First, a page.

Puzzle sheds light on government policy, corporate America and why no one likes to be wrong
[Via Boing Boing]
Here’s a fun puzzle from the NY Times. Try it then discuss your experience in the comments.
Often finding out the opposite of what you want informs you more than success. I worked really hard to find combinations that would not work. They informed me more than anything.
I’ve written about a game I played in High School called Bulls and Creots (although Wikipedia calls it Bulls and Cleots).
No repeats and no 0 in the first spot left about 4500 possibilities for a 4 digit number. If your guess was completely wrong (No Bulls. No Creots), you eliminated bout 40% of the possibilities!
We also learned in math that sometimes the easier way to figure out the probability for an event was to figure out the probability it will not happen and subtract that from 1.
Let’s look at the birthday problem.
How large a group of people would you need to have at your party for there to be a greater than 50% chance that at least 2 will have the same birthday?
What you do is start by figuring out what are the chances no one will have any common birthdays.
Say person 1 has 365 out of possible days to choose. For person 2 to not have one in common, they have 364 out of 365 possible days to choose from. Person 3 has 363 out of 365 possible days to choose from.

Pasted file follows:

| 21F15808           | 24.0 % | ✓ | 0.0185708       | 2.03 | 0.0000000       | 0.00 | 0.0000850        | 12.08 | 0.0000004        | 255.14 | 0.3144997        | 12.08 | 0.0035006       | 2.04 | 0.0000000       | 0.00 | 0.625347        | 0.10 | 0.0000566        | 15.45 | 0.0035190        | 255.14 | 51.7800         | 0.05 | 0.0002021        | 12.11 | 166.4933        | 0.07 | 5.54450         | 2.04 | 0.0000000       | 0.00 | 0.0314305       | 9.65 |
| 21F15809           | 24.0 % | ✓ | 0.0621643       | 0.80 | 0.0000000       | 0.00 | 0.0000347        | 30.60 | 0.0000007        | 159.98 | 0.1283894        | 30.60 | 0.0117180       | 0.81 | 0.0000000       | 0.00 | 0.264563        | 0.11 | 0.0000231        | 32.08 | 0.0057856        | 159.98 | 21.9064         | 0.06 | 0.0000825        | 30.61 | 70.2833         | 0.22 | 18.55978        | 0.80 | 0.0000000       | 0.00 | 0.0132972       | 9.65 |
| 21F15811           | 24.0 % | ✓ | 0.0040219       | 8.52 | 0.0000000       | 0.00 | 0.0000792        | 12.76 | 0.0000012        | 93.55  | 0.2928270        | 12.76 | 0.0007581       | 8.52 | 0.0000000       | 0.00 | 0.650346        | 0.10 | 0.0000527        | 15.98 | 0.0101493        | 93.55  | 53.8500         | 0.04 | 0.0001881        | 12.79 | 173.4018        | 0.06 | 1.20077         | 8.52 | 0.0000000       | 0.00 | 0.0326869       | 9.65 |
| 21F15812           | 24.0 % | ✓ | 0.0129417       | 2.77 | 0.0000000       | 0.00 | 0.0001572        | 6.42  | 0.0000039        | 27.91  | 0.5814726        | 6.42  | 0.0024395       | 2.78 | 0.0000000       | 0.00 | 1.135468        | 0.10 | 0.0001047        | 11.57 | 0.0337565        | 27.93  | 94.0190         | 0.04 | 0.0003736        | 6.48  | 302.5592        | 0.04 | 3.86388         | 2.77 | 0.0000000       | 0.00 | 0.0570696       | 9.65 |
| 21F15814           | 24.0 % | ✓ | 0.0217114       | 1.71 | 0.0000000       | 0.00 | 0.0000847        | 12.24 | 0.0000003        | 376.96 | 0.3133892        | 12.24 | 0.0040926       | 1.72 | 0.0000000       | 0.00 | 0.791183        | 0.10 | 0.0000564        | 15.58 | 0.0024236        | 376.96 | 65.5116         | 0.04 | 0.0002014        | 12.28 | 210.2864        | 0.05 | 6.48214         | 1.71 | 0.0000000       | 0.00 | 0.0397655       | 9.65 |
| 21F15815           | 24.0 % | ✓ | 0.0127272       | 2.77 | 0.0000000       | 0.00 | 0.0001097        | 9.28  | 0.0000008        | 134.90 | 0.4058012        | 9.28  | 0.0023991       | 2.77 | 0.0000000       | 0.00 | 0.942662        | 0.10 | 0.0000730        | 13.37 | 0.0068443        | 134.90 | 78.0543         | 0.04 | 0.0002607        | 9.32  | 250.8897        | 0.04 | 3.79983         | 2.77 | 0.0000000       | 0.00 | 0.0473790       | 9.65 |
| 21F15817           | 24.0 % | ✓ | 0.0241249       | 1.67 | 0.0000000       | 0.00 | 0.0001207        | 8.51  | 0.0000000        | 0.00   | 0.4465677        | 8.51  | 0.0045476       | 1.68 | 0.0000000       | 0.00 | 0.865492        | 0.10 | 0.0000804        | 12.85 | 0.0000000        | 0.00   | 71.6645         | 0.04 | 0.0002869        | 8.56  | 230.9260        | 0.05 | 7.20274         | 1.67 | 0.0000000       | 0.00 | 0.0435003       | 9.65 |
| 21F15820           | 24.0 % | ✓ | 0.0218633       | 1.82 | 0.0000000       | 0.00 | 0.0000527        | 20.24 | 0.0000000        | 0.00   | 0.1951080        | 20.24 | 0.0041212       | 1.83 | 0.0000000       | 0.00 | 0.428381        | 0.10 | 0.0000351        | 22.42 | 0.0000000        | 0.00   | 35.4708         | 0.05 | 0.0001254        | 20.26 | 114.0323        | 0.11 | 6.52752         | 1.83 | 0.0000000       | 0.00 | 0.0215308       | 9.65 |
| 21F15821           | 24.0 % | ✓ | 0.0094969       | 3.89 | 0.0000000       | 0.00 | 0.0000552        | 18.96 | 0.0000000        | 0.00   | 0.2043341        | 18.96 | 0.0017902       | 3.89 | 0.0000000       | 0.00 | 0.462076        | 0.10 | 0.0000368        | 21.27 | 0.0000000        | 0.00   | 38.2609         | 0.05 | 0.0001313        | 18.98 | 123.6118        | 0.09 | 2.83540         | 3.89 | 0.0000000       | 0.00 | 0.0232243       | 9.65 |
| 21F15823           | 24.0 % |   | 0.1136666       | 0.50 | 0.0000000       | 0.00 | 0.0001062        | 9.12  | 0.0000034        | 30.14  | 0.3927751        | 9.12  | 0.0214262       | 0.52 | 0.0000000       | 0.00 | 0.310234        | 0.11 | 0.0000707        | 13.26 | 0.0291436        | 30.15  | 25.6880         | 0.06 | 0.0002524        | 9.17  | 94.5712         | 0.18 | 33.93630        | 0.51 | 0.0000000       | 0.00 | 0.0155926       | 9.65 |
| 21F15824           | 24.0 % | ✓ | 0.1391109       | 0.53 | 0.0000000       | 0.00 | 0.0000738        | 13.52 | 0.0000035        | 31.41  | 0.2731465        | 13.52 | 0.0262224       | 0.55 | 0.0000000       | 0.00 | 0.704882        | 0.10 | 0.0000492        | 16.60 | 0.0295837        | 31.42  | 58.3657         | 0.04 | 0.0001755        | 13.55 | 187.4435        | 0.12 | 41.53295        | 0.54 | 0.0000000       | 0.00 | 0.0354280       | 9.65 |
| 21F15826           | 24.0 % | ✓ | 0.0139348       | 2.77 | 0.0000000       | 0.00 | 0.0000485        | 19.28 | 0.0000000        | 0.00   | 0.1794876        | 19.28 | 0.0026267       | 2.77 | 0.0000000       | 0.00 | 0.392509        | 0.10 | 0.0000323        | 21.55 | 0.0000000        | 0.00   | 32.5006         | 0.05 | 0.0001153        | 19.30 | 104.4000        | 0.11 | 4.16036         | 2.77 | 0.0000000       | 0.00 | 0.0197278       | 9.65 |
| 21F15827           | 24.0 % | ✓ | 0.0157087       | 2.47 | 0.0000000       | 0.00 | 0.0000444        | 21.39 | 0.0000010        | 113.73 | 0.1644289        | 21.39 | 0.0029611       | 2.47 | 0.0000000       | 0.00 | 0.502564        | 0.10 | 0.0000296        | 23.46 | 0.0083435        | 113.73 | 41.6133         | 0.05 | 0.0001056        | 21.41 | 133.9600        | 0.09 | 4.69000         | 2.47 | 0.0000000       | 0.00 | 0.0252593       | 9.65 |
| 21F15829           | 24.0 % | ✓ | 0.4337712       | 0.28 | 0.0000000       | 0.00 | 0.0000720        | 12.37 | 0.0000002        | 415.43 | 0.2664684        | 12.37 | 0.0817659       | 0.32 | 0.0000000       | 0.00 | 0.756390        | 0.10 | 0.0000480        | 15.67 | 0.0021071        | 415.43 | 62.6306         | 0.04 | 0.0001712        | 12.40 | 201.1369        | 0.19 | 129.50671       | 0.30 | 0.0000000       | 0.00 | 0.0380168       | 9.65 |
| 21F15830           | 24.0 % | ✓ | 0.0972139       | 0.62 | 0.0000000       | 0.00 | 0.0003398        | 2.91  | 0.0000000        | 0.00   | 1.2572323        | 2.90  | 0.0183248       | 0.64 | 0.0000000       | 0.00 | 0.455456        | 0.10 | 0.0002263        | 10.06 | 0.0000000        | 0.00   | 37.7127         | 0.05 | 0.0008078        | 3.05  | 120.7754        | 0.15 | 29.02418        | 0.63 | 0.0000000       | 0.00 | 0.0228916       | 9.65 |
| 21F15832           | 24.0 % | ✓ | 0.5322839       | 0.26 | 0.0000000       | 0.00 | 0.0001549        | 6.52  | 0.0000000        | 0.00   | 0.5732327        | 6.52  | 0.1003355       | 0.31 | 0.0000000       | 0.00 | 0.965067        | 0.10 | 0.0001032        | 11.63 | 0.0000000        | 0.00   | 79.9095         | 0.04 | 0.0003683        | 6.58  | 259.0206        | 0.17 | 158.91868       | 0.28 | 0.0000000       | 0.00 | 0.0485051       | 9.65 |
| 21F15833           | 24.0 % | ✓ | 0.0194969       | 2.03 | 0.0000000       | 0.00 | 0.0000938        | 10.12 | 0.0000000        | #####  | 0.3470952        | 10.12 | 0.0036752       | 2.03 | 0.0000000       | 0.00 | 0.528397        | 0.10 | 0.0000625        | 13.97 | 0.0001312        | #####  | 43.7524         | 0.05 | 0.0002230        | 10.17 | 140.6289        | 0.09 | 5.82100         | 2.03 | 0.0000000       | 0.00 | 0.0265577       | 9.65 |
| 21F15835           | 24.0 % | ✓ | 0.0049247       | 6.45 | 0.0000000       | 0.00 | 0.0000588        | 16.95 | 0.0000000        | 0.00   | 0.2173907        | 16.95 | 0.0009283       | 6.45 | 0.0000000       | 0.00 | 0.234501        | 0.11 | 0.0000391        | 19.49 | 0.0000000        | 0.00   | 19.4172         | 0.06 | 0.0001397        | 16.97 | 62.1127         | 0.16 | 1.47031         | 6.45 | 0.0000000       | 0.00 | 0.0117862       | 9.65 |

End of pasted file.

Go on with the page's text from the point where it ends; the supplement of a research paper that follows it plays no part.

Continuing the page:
And so one. To figure the probability of NOT having any birthdays in common, we simply multiply the probability for each person.
At 23 people we get this:
When you calculate this to get a probability of NOT having any birthdays in common you get 0.49.
This means that the probability that two of them will have a birthday in common MUST be 0.51 (1-0.49)
So, essentially there is a greater than even chance that in any soccer game (counting the center ref) that two players will have a birthday in common.
I learned at an early age to look to what was wrong or the opposite of what you wanted. Often that was easier to calculate and told you so much more.
Image: Akash Kataruka